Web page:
The direct method however, does not determine cash from operating activities by adjusting the net income. Under this method, cash from operating activities is calculated by adding all gains that involve cash inflow to sales. All expenses that involve cash outflow such as cash used to purchase goods sold, interest, taxes and other cash expenses are then deducted directly from sales. Under both methods, cash from financing and investing activities is determined in a similar manner. Cash used or generated from investing and financing activities are added or subtracted from the operating income with respect to the nature of transactions that occurred under those categories. For example, purchase of equipment classified under investing activities would be subtracted because it involves cash outflow. Disposal of equipment that would however be added as cash is received from the disposal. Issue of shares or loan acquisition involves cash receipt therefore would be added. The totals under each category are then summed up to obtain the actual cash balance at the end of the period.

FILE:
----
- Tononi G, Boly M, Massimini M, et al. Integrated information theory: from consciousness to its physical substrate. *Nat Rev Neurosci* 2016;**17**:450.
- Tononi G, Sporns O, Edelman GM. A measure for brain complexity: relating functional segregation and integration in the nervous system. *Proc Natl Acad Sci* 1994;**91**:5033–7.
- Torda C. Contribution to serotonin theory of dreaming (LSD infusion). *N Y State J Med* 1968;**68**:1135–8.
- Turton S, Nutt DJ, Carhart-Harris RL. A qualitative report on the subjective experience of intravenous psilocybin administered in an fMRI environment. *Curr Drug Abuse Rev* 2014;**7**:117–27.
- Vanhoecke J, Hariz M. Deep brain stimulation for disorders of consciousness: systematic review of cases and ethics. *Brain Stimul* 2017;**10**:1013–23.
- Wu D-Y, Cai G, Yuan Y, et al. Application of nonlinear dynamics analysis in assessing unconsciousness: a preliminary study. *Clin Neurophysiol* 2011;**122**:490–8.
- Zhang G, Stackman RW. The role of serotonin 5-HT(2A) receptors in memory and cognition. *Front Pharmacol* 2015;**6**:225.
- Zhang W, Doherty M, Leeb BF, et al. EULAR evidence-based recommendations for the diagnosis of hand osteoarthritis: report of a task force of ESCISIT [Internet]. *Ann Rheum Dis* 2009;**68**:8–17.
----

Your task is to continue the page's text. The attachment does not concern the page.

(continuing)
The two methods of preparing cash flow statements are similar the only difference between them being the methods they use in calculating cash from operating activities. Most public companies use the indirect method of cash flow presentation. The method is preferred because it is easier and less costly to use. Financial Accounting Standards Board (FASB) prefers the direct method as it is more consistent with the purpose of cash flow statement (Rich, Jones, Mowen & Hansen, 2009). However, the ultimate goal of a cash flow statement is to reconcile cash, the cash balance that is achieved by both methods as they yield the same results, thus FASB allows both methods to be used in financial reporting.


Albrecht W., Stice J., Stice E., Swain M. (2007). Accounting: Concepts and Applications.